Next to the noisy overpass on South Jackson Street, a family restaurant is quietly serving again.
Phnom Penh Noodle House is Seattle’s only Cambodian restaurant, and it just re-opened its doors after two years away.
The restaurant is in a new location, but it has long been part of the Chinatown - International District.
It all started with Sam Ung and his wife, Cambodian refugees who escaped the Khmer Rouge genocide and arrived in Seattle in 1980. They saved their money for years to open their first noodle house in 1987, but the building was old and the roof ultimately collapsed after a snow storm.
The Ungs moved to a bigger and sturdier space in 1997, and about 10 years later their three daughters Diane, Dawn and Darlene took over operations.
Fans of the restaurant came from near and far to sample the menu, which included everything from traditional dishes to Sam's personal creation of honey, black pepper and jalapeno chicken wings.
But in 2017, a family tragedy brought everything to a halt.
Dawn's son Devin was hit by a car and suffered a severe traumatic brain injury.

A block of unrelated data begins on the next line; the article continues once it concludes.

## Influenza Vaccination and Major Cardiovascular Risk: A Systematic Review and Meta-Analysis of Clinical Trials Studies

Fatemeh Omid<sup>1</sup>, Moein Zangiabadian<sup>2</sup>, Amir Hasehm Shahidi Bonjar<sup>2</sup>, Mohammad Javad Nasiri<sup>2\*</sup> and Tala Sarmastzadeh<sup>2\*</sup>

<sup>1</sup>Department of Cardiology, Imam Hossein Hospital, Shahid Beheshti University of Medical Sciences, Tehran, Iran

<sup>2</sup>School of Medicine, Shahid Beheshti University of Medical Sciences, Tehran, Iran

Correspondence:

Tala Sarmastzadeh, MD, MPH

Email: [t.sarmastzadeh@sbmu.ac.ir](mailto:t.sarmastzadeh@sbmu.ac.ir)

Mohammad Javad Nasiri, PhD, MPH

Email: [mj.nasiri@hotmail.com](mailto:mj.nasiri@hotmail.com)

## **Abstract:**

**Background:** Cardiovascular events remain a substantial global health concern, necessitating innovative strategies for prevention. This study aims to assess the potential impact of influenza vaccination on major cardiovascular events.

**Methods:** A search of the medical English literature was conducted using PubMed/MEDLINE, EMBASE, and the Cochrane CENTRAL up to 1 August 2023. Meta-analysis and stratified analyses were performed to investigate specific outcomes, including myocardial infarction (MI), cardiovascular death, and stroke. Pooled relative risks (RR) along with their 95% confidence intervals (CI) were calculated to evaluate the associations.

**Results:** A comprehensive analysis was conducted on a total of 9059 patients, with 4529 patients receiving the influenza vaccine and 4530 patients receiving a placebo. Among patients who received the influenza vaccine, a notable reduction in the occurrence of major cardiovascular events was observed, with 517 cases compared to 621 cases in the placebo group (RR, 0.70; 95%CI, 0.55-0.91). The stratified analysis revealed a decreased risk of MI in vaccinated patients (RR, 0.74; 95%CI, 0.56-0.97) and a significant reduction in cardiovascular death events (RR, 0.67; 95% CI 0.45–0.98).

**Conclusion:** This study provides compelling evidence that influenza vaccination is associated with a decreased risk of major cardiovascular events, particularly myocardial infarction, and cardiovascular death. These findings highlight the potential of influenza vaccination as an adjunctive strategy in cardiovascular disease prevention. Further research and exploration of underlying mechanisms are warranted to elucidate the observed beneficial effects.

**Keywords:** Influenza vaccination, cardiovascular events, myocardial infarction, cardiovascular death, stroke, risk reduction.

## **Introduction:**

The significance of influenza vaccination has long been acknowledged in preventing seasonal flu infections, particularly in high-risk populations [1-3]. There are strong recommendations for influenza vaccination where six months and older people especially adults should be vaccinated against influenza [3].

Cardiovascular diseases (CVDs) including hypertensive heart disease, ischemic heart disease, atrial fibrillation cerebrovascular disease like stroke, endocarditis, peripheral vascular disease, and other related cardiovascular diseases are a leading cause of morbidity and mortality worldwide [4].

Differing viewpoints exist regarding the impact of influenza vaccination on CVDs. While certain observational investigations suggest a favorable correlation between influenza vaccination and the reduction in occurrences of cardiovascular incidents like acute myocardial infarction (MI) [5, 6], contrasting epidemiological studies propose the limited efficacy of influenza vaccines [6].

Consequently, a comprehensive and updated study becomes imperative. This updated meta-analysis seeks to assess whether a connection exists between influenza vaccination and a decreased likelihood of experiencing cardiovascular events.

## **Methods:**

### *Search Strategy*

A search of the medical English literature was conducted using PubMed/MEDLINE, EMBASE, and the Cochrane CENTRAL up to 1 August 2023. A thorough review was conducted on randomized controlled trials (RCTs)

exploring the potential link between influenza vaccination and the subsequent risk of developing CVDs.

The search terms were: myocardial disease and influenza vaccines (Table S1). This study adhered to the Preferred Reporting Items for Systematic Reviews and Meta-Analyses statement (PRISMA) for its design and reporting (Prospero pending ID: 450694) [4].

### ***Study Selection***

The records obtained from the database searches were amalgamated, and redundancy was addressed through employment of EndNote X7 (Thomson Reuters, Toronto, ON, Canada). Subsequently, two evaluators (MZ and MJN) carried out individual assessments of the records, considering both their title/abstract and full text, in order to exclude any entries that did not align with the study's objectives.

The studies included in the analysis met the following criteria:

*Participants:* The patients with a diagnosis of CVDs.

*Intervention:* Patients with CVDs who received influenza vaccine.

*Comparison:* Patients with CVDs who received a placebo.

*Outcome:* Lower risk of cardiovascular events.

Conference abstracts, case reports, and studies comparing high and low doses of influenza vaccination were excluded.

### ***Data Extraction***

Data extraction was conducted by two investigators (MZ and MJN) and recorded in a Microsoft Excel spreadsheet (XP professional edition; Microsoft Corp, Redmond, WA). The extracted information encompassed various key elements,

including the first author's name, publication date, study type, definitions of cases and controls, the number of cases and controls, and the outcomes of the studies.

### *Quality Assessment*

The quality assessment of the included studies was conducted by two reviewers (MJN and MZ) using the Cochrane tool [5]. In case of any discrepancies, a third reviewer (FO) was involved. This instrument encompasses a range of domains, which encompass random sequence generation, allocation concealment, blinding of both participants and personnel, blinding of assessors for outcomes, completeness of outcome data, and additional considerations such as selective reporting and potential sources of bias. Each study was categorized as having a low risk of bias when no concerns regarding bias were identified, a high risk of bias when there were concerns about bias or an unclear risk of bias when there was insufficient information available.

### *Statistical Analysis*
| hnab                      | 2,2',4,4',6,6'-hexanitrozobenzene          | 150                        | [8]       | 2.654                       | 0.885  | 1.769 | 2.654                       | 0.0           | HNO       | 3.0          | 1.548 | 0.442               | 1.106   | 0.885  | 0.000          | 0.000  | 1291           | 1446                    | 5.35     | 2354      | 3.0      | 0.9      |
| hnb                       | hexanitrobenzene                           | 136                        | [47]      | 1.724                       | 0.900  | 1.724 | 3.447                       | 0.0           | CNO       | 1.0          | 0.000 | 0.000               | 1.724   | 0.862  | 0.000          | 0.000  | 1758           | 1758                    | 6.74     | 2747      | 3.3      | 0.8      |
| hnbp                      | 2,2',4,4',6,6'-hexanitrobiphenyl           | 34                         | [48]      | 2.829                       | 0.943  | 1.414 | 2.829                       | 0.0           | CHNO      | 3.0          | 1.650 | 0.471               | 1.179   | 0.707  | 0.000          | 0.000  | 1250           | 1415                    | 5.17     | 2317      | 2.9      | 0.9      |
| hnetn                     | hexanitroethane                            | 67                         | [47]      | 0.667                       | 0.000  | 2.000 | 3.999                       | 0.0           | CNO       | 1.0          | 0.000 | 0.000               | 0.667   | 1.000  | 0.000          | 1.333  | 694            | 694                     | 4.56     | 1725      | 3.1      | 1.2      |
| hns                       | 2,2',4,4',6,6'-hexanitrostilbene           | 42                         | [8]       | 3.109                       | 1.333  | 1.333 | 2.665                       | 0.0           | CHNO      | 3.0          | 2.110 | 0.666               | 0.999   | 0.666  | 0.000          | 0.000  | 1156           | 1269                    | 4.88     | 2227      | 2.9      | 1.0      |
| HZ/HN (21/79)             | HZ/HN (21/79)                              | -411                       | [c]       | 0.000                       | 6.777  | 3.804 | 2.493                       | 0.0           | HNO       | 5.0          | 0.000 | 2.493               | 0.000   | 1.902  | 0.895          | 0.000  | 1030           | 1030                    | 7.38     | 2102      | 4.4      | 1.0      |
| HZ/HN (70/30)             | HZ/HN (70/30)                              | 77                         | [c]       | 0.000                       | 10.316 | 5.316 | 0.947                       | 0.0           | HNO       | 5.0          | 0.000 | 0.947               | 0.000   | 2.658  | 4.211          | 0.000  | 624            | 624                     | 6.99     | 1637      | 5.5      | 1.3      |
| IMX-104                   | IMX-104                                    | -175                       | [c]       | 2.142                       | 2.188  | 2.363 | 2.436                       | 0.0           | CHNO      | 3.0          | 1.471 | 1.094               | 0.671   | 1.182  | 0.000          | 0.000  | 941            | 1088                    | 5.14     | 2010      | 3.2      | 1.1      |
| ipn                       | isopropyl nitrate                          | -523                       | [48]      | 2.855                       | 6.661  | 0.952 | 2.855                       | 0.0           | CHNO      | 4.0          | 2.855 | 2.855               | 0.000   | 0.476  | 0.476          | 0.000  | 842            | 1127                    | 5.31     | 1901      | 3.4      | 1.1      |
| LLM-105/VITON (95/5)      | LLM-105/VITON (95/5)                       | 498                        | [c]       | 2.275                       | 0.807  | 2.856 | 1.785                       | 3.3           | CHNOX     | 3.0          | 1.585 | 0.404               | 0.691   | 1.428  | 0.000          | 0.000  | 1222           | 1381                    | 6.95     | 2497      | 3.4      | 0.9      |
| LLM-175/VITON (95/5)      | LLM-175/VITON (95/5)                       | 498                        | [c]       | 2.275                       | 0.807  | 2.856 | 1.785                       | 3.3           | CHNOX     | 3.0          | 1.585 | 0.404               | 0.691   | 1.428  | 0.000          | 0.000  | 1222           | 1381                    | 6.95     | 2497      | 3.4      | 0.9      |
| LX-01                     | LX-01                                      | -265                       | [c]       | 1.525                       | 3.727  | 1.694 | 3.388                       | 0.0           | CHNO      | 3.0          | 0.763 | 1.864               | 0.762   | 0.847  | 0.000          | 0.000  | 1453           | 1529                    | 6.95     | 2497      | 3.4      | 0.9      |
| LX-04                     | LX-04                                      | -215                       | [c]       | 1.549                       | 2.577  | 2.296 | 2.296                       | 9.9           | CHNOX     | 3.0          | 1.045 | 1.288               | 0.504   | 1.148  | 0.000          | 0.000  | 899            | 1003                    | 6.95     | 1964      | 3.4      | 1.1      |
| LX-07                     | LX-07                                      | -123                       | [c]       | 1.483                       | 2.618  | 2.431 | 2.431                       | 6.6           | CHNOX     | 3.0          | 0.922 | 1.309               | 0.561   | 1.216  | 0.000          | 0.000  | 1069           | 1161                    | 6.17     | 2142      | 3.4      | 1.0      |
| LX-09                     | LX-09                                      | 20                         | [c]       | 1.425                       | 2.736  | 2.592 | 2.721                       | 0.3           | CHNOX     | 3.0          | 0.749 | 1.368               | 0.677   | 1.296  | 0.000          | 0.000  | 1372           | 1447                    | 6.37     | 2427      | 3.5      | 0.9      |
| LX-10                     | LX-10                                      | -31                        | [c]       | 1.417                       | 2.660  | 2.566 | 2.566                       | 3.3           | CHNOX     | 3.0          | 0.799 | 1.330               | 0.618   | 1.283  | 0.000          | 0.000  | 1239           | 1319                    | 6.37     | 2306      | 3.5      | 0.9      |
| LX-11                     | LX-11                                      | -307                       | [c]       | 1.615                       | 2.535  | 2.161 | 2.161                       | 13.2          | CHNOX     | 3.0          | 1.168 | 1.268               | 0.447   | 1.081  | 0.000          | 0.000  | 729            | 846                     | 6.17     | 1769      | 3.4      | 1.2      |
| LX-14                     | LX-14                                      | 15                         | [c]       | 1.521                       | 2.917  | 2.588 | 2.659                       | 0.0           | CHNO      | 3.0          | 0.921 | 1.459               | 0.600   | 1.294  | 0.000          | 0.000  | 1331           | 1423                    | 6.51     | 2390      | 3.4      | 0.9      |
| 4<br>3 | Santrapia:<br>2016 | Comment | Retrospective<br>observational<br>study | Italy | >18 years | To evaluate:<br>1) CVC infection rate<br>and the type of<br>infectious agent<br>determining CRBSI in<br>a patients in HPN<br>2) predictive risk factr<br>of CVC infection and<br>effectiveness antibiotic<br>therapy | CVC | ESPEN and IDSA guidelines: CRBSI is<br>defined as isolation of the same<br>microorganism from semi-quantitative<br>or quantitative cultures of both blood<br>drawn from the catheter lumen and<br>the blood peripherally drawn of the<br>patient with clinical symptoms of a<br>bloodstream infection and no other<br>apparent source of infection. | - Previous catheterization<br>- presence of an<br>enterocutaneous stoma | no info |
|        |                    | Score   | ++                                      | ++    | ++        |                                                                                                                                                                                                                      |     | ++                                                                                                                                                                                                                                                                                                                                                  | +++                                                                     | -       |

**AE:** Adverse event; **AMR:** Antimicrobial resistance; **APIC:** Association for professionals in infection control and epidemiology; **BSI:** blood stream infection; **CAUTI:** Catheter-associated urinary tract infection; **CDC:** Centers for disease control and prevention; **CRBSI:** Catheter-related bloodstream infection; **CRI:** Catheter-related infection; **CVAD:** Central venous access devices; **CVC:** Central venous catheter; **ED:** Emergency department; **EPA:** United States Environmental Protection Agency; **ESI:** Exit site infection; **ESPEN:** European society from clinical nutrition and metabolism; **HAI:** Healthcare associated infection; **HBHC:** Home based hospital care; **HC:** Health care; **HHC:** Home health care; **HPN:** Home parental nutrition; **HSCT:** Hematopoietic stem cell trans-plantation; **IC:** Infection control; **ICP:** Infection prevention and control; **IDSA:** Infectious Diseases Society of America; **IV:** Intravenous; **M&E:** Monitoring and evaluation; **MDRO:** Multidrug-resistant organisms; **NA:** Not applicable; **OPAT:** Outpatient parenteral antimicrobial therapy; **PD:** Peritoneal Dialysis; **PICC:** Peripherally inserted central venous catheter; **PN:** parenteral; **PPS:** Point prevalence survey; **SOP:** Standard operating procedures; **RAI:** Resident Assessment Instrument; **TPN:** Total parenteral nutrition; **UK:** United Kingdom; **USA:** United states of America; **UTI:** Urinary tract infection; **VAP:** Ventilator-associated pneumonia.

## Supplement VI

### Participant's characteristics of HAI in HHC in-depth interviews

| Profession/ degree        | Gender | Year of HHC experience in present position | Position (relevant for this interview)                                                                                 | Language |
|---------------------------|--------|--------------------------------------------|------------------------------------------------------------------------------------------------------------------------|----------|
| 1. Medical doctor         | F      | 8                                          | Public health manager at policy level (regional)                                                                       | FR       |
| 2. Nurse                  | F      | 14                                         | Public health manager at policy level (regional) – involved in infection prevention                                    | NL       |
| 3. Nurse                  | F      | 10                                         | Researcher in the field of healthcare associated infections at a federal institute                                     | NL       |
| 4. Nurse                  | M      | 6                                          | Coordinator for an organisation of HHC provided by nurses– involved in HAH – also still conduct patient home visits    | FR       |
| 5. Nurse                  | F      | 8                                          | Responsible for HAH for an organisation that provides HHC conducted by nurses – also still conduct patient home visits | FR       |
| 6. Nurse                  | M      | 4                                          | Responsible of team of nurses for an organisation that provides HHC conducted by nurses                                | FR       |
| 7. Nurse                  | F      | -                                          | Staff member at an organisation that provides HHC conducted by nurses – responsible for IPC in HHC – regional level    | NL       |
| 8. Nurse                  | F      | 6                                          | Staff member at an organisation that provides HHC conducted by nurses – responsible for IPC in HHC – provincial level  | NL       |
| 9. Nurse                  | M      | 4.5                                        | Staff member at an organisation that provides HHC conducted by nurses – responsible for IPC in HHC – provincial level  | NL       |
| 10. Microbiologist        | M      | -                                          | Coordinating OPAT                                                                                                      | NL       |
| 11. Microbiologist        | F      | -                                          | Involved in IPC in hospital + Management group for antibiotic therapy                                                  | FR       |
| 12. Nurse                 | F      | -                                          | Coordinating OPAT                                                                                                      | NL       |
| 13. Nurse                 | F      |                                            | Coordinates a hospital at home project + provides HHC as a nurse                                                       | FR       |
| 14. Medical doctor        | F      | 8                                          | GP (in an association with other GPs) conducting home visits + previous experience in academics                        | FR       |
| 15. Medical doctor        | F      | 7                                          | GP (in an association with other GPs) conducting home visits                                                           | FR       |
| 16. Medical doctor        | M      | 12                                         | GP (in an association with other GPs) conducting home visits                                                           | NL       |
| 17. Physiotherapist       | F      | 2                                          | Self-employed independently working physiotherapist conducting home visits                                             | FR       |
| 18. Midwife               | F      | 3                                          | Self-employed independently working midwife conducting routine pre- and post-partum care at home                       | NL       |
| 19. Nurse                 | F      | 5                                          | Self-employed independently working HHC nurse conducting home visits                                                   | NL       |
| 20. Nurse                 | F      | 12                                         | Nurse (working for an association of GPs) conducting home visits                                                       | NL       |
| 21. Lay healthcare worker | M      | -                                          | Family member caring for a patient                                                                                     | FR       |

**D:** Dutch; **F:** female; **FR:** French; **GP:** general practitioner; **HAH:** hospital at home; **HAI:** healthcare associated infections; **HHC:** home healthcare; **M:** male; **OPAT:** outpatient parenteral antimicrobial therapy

"It was just so much to carry on the restaurant, and to get everyone where they needed to be, so we took a break,” Diane said.
Phnom Penh closed so the family could focus on Devin. After a few months, he was able to leave the hospital. He remains in a semi-vegetative state, but he’s in stable condition.
“We couldn't ask for anything more, I guess,” Dawn said. “As long as he's home and healthy, we're okay."
The family decided to re-open the restaurant but had to start from scratch.
Community support made it possible, from a city grant to a fundraising dinner hosted by another small restaurant.
The result is a modern, bright family eatery featuring the same delicious dishes they've always served. After so much time away, Phnom Penh was finally ready to welcome back customers.
"We had been planning so hard for the March 14th grand opening day, but of course the world had different plans,” Diane said.
The coronavirus closure dashed their plans, and once again the Ung family found themselves facing an uncertain future.
So once again, they adapted - shifting their entire business model to curbside pick-up and to-go items.
"It's wonderful, and we're excited to be here even though it's just for takeout,” Dawn said.
Resilience and love keep the family and their restaurant going, giving customers more to take away than just food.
"There is a light at the end of the tunnel,” Diane said. “You band together and do what's needed to get there."